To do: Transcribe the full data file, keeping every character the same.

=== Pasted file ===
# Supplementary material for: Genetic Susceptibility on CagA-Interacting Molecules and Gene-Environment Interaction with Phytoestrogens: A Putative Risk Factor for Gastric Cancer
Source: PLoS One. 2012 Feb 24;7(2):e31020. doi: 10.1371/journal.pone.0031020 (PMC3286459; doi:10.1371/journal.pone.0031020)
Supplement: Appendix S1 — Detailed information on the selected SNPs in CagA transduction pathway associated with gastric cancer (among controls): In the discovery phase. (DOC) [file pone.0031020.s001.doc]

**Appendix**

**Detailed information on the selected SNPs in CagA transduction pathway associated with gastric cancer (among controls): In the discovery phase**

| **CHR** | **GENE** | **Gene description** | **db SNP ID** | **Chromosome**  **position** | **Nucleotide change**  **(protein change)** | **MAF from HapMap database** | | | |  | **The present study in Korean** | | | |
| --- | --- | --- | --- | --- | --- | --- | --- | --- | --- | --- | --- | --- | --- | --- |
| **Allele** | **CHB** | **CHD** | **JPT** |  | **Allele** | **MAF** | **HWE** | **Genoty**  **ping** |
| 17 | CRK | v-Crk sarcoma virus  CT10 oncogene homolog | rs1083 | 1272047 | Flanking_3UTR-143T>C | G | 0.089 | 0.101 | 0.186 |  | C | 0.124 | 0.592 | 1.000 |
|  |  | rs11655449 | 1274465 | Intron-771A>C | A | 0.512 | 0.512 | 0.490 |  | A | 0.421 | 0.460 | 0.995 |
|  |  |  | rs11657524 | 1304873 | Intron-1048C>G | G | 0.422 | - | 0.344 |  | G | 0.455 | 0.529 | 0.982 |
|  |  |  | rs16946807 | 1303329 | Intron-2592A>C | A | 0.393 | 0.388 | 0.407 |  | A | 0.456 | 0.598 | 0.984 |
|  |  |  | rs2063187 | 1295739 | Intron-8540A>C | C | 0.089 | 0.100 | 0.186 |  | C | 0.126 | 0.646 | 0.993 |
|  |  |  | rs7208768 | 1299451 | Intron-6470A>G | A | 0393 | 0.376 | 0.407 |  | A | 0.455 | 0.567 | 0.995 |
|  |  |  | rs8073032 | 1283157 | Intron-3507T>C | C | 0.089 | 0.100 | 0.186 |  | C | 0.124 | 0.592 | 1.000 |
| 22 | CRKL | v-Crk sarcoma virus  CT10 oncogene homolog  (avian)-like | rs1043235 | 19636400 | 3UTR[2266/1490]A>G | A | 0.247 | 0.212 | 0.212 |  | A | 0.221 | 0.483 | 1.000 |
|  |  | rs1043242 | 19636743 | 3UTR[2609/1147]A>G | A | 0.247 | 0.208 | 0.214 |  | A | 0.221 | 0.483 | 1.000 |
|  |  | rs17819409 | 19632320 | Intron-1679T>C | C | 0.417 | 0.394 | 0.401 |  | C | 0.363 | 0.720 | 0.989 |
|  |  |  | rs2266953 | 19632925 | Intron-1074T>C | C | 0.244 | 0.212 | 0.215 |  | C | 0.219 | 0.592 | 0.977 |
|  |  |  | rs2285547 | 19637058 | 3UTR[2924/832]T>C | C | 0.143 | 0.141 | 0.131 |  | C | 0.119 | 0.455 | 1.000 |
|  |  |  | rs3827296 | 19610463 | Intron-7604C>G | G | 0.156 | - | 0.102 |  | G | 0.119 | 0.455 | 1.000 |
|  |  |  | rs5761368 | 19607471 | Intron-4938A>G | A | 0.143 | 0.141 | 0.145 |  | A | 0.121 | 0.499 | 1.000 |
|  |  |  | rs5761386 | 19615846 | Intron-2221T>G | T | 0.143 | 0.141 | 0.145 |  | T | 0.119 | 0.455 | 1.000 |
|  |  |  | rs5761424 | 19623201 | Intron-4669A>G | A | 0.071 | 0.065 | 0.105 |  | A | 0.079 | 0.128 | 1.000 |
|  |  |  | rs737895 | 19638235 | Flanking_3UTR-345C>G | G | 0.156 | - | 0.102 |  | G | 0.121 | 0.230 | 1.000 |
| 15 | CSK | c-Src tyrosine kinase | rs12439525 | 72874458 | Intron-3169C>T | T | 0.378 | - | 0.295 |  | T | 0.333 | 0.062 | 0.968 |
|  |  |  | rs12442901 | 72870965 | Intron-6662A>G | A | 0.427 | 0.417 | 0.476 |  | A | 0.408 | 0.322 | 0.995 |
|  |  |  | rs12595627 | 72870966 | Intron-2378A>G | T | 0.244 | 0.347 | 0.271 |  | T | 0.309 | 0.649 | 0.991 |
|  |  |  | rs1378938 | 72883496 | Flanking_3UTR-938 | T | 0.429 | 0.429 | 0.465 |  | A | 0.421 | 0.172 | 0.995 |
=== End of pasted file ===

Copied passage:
# Supplementary material for: Genetic Susceptibility on CagA-Interacting Molecules and Gene-Environment Interaction with Phytoestrogens: A Putative Risk Factor for Gastric Cancer
Source: PLoS One. 2012 Feb 24;7(2):e31020. doi: 10.1371/journal.pone.0031020 (PMC3286459; doi:10.1371/journal.pone.0031020)
Supplement: Appendix S1 — Detailed information on the selected SNPs in CagA transduction pathway associated with gastric cancer (among controls): In the discovery phase. (DOC) [file pone.0031020.s001.doc]

**Appendix**

**Detailed information on the selected SNPs in CagA transduction pathway associated with gastric cancer (among controls): In the discovery phase**

| **CHR** | **GENE** | **Gene description** | **db SNP ID** | **Chromosome**  **position** | **Nucleotide change**  **(protein change)** | **MAF from HapMap database** | | | |  | **The present study in Korean** | | | |
| --- | --- | --- | --- | --- | --- | --- | --- | --- | --- | --- | --- | --- | --- | --- |
| **Allele** | **CHB** | **CHD** | **JPT** |  | **Allele** | **MAF** | **HWE** | **Genoty**  **ping** |
| 17 | CRK | v-Crk sarcoma virus  CT10 oncogene homolog | rs1083 | 1272047 | Flanking_3UTR-143T>C | G | 0.089 | 0.101 | 0.186 |  | C | 0.124 | 0.592 | 1.000 |
|  |  | rs11655449 | 1274465 | Intron-771A>C | A | 0.512 | 0.512 | 0.490 |  | A | 0.421 | 0.460 | 0.995 |
|  |  |  | rs11657524 | 1304873 | Intron-1048C>G | G | 0.422 | - | 0.344 |  | G | 0.455 | 0.529 | 0.982 |
|  |  |  | rs16946807 | 1303329 | Intron-2592A>C | A | 0.393 | 0.388 | 0.407 |  | A | 0.456 | 0.598 | 0.984 |
|  |  |  | rs2063187 | 1295739 | Intron-8540A>C | C | 0.089 | 0.100 | 0.186 |  | C | 0.126 | 0.646 | 0.993 |
|  |  |  | rs7208768 | 1299451 | Intron-6470A>G | A | 0393 | 0.376 | 0.407 |  | A | 0.455 | 0.567 | 0.995 |
|  |  |  | rs8073032 | 1283157 | Intron-3507T>C | C | 0.089 | 0.100 | 0.186 |  | C | 0.124 | 0.592 | 1.000 |
| 22 | CRKL | v-Crk sarcoma virus  CT10 oncogene homolog  (avian)-like | rs1043235 | 19636400 | 3UTR[2266/1490]A>G | A | 0.247 | 0.212 | 0.212 |  | A | 0.221 | 0.483 | 1.000 |
|  |  | rs1043242 | 19636743 | 3UTR[2609/1147]A>G | A | 0.247 | 0.208 | 0.214 |  | A | 0.221 | 0.483 | 1.000 |
|  |  | rs17819409 | 19632320 | Intron-1679T>C | C | 0.417 | 0.394 | 0.401 |  | C | 0.363 | 0.720 | 0.989 |
|  |  |  | rs2266953 | 19632925 | Intron-1074T>C | C | 0.244 | 0.212 | 0.215 |  | C | 0.219 | 0.592 | 0.977 |
|  |  |  | rs2285547 | 19637058 | 3UTR[2924/832]T>C | C | 0.143 | 0.141 | 0.131 |  | C | 0.119 | 0.455 | 1.000 |
|  |  |  | rs3827296 | 19610463 | Intron-7604C>G | G | 0.156 | - | 0.102 |  | G | 0.119 | 0.455 | 1.000 |
|  |  |  | rs5761368 | 19607471 | Intron-4938A>G | A | 0.143 | 0.141 | 0.145 |  | A | 0.121 | 0.499 | 1.000 |
|  |  |  | rs5761386 | 19615846 | Intron-2221T>G | T | 0.143 | 0.141 | 0.145 |  | T | 0.119 | 0.455 | 1.000 |
|  |  |  | rs5761424 | 19623201 | Intron-4669A>G | A | 0.071 | 0.065 | 0.105 |  | A | 0.079 | 0.128 | 1.000 |
|  |  |  | rs737895 | 19638235 | Flanking_3UTR-345C>G | G | 0.156 | - | 0.102 |  | G | 0.121 | 0.230 | 1.000 |
| 15 | CSK | c-Src tyrosine kinase | rs12439525 | 72874458 | Intron-3169C>T | T | 0.378 | - | 0.295 |  | T | 0.333 | 0.062 | 0.968 |
|  |  |  | rs12442901 | 72870965 | Intron-6662A>G | A | 0.427 | 0.417 | 0.476 |  | A | 0.408 | 0.322 | 0.995 |
|  |  |  | rs12595627 | 72870966 | Intron-2378A>G | T | 0.244 | 0.347 | 0.271 |  | T | 0.309 | 0.649 | 0.991 |
|  |  |  | rs1378938 | 72883496 | Flanking_3UTR-938 | T | 0.429 | 0.429 | 0.465 |  | A | 0.421 | 0.172 | 0.995 |